Piercing lonely high mountain meadows on mile-long straights, pavement glistening with the faintest sheen of dew in dawn’s light, my Grey Ghost hurtled to extra-legal velocity with stunning ease. Speed smears the periphery just like in a supercar, but it’s experienced not through a mail slot windshield and with hips slung mere inches above the tarmac, but instead from Grey Ghost’s tall and mighty observation deck.
With its air suspension and heavily boosted fingertip steering, a Rolls-Royce Black Badge Ghost is no supercar or super-sized sports sedan, but over my mountain test loop with the sharper calibration selected, this 5600-pound sporting luxury cocoon proved wieldy if guided with a gentle hand, shrinking with every mile, with every bowled curve. Ghost is an interstellar battle cruiser of the imagination.
Under that billiard table of a hood sits a twin-turbo V12 with 664 lb. ft. of torque available from 1700-4250 rpm, put to the ground through an all-wheel drive system. Ghost does the business to 60 mph in 4.5 seconds, roughly a half-second slower than BMW’s Z4 M sports car.
Yet Ghost is 0.7-second QUICKER than a standard Z4 roadster. Ghost has the point-it-and-punch-it acceleration of a muscle car, but with the sweet sounds of a V12, not a raucous V8. Hammer down in a straight line, Ghost is the iron fist in a plush, padded velvet glove.
Over the miserably harsh freeways of Los Angeles, Grey Ghost delivered the famed Rolls-Royce “magic carpet ride,” expansion joints and hideous asphalt patches sensed as nothing more than subtle timpani strikes through the dense blankets of sound deadening. Ghost is first and foremost a boulevardier, like every Goodwood Rolls-Royce, engineered for wafting along Sunset Boulevard, PCH or Huntington Drive.
coach doors open 90 degrees, creating a sense of occasion, even for children climbing into their Chiccho booster seats for the 10-minute drive to summer swim camp. Every time little feet land on deep-pile lambskin throws, squeals of delight fill the air.
Ghost’s considerable height, taller than a BMW X2 CUV, is masked by the steep angle of the windshield, sweep of the rear roof pillar into a high trunk and the sheer length and breadth of the car.
Seats are anything but the thin shells of a supercar. If Ghost’s hefty front seats were wedged into that BMW Z4 M roadster, not only would some drivers be looking over the windshield frame, but the 0-60 sprint might rise above 4 seconds such is the weight. Lyrics of Peter Gabriel’s old song, “Big Time” are coaxed from the recesses of the mind—these are enormously big-time pieces of furniture.
Front door frames are tall polygons thanks to the extreme sweep of the windshield, requiring thought and planning for tall drivers to enter with grace. For those of median height, settling onto the driver’s chair requires only a slight dip of the knee to lean in and fall onto the broad leather surface. But for those much over six foot, the noggin must pass at the rear of the door frame. The doors are so large and heavy that they are closed by pressing a button on the center console, motors gently swinging them inward, the locking mechanism then pulling the last ¾ of an inch to seal the deal.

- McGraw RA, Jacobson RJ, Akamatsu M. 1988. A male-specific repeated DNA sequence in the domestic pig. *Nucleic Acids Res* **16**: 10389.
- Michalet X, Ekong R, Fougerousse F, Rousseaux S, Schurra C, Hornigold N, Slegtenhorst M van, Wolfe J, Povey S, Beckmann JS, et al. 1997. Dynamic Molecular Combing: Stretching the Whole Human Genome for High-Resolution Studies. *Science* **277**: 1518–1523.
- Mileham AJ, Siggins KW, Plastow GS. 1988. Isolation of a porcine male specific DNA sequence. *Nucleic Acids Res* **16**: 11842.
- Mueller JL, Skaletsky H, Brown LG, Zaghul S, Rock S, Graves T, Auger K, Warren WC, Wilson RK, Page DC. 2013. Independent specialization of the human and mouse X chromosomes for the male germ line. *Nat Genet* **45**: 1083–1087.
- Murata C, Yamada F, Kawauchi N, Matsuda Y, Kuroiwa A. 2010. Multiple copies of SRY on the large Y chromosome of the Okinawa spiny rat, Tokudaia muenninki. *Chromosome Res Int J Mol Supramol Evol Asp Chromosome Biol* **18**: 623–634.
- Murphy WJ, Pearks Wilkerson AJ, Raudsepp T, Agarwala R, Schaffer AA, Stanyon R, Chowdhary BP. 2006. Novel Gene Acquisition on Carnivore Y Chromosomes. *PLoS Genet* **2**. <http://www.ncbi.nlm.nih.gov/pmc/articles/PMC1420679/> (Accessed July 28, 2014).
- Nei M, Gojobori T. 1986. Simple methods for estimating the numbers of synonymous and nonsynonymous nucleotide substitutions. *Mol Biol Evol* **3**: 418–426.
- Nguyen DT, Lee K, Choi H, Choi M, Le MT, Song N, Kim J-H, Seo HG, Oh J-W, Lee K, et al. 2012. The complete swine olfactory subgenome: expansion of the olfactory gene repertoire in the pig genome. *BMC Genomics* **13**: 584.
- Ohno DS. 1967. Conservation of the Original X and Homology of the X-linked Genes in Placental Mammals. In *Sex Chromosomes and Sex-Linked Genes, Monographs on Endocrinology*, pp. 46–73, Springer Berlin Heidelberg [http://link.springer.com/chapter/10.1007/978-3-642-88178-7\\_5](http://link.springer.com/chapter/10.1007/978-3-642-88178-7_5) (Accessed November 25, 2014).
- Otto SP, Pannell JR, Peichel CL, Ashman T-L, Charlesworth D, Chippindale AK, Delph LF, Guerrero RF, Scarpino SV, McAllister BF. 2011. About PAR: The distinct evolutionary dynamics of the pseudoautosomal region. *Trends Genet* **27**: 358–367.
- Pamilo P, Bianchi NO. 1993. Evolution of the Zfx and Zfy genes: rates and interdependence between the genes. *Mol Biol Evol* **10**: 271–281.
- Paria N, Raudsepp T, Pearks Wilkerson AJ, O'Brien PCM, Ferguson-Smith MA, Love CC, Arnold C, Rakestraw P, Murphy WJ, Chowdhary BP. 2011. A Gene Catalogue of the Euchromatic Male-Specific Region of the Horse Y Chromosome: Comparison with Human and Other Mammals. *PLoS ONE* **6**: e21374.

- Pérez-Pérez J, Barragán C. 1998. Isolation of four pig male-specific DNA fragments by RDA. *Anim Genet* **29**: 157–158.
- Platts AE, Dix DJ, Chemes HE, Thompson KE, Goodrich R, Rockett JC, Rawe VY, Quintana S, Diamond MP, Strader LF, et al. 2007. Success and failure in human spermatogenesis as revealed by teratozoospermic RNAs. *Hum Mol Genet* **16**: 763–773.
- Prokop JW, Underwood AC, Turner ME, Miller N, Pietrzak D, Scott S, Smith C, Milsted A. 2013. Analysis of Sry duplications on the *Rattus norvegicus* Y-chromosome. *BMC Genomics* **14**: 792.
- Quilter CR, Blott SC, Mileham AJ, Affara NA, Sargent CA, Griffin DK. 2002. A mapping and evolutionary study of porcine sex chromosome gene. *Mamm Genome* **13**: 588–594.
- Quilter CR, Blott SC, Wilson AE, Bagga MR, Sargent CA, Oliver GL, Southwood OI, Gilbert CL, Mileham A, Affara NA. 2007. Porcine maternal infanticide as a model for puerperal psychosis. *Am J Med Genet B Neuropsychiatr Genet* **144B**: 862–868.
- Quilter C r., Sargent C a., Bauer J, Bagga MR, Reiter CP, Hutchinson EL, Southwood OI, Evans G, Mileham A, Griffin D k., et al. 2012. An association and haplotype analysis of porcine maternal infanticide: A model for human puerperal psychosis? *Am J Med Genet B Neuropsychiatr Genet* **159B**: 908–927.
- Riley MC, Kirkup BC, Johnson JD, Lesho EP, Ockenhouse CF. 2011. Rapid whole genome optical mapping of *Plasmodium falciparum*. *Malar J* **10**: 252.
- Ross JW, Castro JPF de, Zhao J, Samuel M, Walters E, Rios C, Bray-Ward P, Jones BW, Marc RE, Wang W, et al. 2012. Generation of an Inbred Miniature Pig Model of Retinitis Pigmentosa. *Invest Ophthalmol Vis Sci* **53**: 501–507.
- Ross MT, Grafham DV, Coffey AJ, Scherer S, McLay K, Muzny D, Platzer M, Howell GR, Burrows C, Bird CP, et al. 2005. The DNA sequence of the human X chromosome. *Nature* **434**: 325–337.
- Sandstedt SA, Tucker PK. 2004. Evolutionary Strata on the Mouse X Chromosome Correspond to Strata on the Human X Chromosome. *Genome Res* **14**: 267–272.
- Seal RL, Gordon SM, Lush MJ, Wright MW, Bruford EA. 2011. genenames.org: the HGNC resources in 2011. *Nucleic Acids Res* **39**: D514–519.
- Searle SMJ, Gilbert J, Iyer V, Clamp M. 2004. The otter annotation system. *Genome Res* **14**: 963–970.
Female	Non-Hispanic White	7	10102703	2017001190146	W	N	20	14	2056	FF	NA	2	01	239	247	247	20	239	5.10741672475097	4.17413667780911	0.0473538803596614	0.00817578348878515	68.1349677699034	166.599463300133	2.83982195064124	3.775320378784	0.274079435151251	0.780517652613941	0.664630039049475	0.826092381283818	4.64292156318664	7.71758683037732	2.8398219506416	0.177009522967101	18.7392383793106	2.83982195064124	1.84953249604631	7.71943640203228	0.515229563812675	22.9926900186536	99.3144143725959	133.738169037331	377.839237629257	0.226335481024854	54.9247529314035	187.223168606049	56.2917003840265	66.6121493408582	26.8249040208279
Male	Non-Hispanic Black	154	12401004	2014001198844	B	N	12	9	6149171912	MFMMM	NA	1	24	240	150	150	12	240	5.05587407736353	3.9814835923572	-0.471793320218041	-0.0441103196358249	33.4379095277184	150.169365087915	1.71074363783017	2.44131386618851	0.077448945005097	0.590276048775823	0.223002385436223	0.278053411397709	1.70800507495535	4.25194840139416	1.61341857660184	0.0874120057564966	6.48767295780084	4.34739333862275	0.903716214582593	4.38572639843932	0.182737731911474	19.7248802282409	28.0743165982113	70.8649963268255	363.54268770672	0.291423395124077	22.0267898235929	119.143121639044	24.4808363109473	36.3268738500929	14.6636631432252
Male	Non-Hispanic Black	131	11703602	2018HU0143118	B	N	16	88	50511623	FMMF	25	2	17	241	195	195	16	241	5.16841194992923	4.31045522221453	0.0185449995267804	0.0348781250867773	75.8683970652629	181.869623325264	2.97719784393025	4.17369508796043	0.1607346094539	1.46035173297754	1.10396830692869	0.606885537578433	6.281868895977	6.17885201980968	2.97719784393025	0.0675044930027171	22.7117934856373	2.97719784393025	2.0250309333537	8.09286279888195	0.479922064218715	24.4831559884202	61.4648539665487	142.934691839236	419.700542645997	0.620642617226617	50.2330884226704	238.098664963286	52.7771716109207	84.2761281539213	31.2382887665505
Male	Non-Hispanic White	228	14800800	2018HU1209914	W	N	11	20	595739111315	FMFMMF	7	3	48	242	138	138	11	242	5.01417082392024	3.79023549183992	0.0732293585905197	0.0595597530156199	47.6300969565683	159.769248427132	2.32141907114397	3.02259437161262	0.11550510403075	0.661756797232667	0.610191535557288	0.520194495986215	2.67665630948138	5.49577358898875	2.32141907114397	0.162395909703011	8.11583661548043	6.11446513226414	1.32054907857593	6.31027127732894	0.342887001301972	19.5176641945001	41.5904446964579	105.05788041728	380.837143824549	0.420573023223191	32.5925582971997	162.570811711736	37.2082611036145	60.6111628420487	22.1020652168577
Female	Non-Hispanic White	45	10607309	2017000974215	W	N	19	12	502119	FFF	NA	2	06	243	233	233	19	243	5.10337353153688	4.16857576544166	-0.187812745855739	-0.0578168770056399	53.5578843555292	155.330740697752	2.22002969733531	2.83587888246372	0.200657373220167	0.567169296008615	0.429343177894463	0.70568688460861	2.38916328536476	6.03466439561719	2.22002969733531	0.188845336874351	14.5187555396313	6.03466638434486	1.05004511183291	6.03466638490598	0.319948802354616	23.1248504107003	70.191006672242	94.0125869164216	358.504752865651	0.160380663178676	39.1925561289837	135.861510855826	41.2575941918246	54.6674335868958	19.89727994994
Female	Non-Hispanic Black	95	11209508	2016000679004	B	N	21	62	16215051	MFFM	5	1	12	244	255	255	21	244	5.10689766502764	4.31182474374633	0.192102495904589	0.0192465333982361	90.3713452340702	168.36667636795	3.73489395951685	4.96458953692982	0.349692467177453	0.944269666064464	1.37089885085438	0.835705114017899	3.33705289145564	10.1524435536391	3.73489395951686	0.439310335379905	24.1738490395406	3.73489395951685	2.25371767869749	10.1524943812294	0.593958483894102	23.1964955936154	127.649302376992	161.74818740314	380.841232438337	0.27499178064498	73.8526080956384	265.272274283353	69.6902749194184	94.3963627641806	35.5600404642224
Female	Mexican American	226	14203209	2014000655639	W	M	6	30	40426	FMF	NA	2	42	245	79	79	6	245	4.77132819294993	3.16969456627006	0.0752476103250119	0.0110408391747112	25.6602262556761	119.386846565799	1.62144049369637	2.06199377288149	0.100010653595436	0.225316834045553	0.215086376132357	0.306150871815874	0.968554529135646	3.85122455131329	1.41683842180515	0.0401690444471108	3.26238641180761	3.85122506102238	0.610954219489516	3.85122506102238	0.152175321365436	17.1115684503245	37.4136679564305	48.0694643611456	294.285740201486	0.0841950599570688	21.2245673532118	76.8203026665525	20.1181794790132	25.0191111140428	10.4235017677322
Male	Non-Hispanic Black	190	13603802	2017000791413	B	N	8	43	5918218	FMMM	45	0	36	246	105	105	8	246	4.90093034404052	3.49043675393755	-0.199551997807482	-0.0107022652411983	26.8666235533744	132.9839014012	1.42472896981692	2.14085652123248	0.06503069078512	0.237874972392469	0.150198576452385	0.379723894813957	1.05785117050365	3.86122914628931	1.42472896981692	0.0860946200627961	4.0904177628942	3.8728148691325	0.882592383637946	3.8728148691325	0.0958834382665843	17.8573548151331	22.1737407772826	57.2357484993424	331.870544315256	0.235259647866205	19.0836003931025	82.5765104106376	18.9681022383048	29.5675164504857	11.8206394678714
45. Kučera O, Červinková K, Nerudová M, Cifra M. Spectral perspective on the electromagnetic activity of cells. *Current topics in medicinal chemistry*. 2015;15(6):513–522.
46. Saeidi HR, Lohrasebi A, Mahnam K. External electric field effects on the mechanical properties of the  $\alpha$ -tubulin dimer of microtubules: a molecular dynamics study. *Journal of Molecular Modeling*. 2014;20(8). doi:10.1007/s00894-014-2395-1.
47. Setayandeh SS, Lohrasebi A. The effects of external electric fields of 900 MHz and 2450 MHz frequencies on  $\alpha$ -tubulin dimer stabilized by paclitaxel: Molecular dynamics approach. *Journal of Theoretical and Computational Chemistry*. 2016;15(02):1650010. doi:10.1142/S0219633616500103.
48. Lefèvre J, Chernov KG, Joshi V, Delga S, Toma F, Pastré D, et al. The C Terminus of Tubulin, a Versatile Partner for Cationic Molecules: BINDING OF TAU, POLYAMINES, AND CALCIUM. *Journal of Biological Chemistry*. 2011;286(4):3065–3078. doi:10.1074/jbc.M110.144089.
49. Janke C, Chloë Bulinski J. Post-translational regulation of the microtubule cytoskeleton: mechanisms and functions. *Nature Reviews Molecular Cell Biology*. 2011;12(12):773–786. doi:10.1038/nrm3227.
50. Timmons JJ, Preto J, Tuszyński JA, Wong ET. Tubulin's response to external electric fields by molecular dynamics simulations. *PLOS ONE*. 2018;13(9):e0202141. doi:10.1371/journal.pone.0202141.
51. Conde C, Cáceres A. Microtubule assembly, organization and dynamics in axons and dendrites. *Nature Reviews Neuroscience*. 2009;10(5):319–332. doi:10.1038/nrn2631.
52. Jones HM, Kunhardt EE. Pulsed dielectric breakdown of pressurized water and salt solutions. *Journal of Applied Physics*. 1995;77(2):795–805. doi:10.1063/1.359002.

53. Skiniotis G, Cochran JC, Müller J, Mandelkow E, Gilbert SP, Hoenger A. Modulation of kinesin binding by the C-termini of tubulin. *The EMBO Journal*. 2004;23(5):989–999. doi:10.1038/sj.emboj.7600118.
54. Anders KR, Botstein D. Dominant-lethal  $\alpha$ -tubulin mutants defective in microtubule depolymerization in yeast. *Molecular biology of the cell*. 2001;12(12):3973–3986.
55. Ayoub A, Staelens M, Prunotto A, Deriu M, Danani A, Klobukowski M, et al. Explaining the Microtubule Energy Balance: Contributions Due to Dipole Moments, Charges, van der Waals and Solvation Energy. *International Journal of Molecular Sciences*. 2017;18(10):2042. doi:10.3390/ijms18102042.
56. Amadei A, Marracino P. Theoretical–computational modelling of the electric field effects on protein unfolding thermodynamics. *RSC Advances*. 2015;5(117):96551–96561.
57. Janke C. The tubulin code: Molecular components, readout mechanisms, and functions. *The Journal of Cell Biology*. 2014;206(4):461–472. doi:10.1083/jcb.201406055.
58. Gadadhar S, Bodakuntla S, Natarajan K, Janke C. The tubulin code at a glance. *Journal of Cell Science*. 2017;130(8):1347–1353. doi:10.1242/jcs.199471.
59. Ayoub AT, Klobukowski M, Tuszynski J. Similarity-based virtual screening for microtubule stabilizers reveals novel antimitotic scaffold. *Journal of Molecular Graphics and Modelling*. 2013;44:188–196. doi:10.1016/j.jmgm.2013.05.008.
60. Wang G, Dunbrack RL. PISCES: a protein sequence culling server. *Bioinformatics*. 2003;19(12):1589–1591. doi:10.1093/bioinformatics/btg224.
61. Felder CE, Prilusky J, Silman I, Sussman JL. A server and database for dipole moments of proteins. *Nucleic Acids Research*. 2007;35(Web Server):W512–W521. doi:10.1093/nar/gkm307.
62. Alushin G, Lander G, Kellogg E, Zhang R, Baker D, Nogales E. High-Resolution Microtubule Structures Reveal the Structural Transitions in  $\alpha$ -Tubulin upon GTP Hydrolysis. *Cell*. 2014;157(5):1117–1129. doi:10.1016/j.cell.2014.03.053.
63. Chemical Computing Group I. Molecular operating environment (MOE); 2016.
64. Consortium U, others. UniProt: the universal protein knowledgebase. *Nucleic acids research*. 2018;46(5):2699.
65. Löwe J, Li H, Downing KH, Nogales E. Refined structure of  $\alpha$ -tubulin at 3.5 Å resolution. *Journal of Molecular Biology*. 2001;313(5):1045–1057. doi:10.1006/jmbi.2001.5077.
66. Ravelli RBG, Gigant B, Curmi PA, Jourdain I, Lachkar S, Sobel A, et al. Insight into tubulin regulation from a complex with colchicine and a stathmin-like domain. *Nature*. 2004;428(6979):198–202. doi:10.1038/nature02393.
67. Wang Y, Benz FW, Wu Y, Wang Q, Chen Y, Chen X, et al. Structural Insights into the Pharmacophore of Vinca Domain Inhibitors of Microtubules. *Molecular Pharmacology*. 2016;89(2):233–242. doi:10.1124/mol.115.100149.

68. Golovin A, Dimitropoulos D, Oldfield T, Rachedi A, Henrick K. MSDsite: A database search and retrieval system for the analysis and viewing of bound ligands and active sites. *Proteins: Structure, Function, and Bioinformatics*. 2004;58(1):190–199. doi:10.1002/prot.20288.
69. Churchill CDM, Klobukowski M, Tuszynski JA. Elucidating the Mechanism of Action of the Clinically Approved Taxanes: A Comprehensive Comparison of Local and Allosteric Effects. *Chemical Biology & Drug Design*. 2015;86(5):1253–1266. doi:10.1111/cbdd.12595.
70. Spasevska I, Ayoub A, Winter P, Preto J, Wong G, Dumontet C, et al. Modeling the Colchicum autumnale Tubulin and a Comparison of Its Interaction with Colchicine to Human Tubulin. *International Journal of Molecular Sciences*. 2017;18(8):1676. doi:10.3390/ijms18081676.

Rolls-Royce engineers have mastered the intricacies and assembly quality of the luxury plug-and-play interior. Excepting all those black and dark green Phantoms sold to the world’s grand hotels to serve as A-list airport shuttles, almost every Rolls is a unique artistic expression, particularly inside. Why buy one and not commission at least a few special features?
My Grey Ghost’s black leather dash, door panels and seats were accented in a kinky shade, “Tailored Purple,” which would be ridiculous on a KIA or Camry, but in the gentleman’s study of the Ghost, flourishes of Tailored Purple work beautifully. (The other Ghost I sampled had my favorite Rolls interior color, Hotspur Red.) Even the dash clock’s hands were rendered in Tailored Purple; one assumes the clock painter builds ships in a bottle as a relaxing hobby. And to remind just how special the car is, the flawless hand assembly work—not a single stitch of Tailored Purple thread flubbed, crooked or loose anywhere in the car—is a perfect color-match for the leather and clock hands. Every time I settled behind the chunky steering wheel, I reached to the cliff-like leading edge of the upper dash to run fingers over the threads.
With tall folks up front, rear seat leg and foot room is very good, but no rival for the acres of an extended wheelbase (EWB) Phantom, which of course is a car to be driven by a chauffeur, not an owner. Still, no one will complain during the 30-minute trip on LA’s 110 freeway to a concert at Disney Hall, or a 90-minute trip south to Laguna.
My second day with the Grey Ghost I drove two hours south to San Diego’s Mission Bay for the Rolls-Royce Owners Club national meet, where I spent the morning in two 100-year-old Henry Royce masterpieces, a Silver Ghost straight-sided Barker open tourer and a Mayfair sedan with partition, both built in the 1920s in Rolls-Royce’s short-lived U.S. plant in Springfield, Massachusetts. Both cars are driven on a regular basis and the maroon car has completed “Wholly Ghost” rallies on several continents, logging ten thousand miles and more every year. These long-timers helped define Rolls-Royce, helped build its image as one of the world’s finest cars. Driven alongside these two ancient Ghosts, my Grey Ghost seemed a fitting successor for our century.